Browse Prior Art Database

Address Book Class Hierarchy

IP.com Disclosure Number: IPCOM000119547D
Original Publication Date: 1991-Feb-01
Included in the Prior Art Database: 2005-Apr-01
Document File: 4 page(s) / 114K

Publishing Venue

IBM

Related People

Cavendish, CJ: AUTHOR [+2]

Abstract

Provided is class hierarchy of objects for an object-oriented design which will maximize code reuse and allow considerable flexibility in developing advanced address book-related functions. It overcomes the current difficulties in application development by building a set of classes providing basic address book behaviors within individual classes. Each class is responsible for its own methods. In addition, this address book design allows for items other than people to provide addressing information. In the following design, a distribution list can cause distribution to a printer, a file folder and other objects in addition to providing access to the addresses of people.

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Address Book Class Hierarchy

      Provided is class hierarchy of objects for an
object-oriented design which will maximize code reuse and allow
considerable flexibility in developing advanced address book-related
functions. It overcomes the current difficulties in application
development by building a set of classes providing basic address book
behaviors within individual classes. Each class is responsible for
its own methods. In addition, this address book design allows for
items other than people to provide addressing information. In the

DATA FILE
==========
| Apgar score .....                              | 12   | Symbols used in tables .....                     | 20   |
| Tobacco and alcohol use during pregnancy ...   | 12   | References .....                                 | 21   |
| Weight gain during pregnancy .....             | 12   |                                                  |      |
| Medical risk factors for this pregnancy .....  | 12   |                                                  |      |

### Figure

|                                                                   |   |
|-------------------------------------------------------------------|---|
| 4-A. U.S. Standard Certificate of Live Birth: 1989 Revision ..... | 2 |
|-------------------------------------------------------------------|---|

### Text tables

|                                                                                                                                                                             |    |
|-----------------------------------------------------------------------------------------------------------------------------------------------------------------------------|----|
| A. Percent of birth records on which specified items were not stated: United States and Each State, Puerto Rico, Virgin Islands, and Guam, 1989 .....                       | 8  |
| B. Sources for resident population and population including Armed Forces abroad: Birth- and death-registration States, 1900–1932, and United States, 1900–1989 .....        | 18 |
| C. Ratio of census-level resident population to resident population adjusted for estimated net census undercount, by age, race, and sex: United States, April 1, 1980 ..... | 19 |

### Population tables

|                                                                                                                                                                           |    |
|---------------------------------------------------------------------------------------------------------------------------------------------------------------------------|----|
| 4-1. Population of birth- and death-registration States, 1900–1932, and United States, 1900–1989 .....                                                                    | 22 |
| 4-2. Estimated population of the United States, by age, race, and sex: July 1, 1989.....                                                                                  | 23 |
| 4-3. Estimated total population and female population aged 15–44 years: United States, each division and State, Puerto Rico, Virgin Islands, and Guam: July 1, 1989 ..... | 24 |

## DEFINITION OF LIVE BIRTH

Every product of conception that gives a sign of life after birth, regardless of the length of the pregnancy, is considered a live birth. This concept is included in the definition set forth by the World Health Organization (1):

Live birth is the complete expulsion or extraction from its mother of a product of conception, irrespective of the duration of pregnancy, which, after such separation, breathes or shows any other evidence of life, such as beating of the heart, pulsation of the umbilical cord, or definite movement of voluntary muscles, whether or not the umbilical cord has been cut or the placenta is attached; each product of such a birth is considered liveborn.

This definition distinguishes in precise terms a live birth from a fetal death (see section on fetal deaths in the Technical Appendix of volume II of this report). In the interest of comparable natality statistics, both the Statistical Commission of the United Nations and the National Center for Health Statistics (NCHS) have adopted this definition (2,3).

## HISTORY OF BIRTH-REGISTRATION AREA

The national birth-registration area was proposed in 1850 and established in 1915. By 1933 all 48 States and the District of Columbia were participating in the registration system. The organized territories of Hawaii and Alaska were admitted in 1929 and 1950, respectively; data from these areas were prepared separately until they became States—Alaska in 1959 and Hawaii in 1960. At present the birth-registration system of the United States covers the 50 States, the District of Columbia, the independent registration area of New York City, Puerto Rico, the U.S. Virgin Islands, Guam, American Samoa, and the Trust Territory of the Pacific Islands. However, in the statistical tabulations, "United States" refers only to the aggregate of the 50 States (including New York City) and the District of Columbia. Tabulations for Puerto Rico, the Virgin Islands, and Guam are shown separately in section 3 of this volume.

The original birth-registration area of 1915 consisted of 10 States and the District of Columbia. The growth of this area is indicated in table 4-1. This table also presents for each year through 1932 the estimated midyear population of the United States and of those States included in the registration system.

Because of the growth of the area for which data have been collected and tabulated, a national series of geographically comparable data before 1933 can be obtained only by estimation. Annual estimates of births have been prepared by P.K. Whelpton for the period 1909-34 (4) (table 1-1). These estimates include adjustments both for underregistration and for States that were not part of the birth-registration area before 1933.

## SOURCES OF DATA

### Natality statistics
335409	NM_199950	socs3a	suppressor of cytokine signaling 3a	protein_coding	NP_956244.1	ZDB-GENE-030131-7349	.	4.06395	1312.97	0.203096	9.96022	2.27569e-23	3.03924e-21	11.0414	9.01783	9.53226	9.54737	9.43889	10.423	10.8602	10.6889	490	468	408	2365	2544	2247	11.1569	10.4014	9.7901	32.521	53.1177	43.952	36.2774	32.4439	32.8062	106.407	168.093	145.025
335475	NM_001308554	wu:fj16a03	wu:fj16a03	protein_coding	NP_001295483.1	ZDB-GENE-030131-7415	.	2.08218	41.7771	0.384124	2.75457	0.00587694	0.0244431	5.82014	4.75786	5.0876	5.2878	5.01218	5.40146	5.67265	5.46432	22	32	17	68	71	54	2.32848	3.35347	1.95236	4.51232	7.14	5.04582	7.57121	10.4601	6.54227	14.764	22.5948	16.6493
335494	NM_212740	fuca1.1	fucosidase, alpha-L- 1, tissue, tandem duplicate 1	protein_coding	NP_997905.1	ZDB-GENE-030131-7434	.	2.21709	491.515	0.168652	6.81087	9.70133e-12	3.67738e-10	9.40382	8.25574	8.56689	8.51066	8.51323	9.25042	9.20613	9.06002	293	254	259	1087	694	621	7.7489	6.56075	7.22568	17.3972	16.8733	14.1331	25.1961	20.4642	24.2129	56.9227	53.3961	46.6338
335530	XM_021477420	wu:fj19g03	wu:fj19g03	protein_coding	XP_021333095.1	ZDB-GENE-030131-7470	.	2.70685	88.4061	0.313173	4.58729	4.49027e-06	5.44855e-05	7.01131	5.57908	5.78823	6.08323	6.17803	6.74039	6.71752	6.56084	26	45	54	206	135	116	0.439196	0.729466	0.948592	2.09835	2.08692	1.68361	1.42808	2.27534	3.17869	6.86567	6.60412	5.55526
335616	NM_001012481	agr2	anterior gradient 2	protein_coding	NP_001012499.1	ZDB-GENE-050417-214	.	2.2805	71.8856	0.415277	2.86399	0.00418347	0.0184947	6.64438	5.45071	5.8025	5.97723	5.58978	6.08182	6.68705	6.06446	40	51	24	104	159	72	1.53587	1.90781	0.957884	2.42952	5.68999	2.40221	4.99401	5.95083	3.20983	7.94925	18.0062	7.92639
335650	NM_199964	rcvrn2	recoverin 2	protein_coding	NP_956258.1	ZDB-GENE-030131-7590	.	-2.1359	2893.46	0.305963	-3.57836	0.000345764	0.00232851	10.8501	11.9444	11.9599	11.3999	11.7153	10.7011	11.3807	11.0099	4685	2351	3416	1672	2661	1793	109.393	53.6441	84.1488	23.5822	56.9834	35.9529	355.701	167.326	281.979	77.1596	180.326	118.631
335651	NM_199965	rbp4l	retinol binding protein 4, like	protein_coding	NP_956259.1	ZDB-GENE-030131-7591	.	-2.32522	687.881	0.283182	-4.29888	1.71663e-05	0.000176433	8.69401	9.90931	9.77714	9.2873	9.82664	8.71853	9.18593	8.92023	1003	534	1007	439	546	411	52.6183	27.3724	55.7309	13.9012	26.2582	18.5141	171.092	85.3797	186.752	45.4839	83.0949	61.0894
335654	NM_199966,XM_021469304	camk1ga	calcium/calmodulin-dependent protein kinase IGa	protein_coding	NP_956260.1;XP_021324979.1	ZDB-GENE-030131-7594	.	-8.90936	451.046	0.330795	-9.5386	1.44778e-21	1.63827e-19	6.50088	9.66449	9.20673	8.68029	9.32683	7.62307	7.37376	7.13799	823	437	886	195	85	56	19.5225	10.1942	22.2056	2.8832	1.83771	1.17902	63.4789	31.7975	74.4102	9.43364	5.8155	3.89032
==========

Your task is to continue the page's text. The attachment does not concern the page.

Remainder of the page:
following design, a distribution list can cause distribution to a
printer, a file folder and other objects in addition to providing
access to the addresses of people.

      By subclassing the provided classes, application developers can
quickly produce an improved version of the address book application
and add new function. The amount of code to be added or changed is
minimized by the encapsulation of the classes. Existing code is
easily reused.

      The problem being addressed by this design is how to build an
object-oriented address book which will provide flexibility for an
electronic office system, such as distribution to electronic
addresses including printers, files, fax machines, telephones and to
people, as well. Current non-object-oriented architectures limit mail
distribution to mailboxes for people.

      The proposed class hierarchy consists of three categories of
objects. Classes are divides into model and view objects in a revised
Model-View-Controller scheme first published by ParkPlace Systems in
Smalltalk 80. In addition, database objects have been added.

      The model objects consist of the data portion of the object and
its behaviors. The classes in the design which are models are
AddressBook, AddressBookContainer, and the subclasses of
AddressBookContainer which are ConferenceRooms, DistributionLists,
People, PersonalEntries, Organizations, Printers, and Services. The
AddressBook class hierarchy for the model classes is s...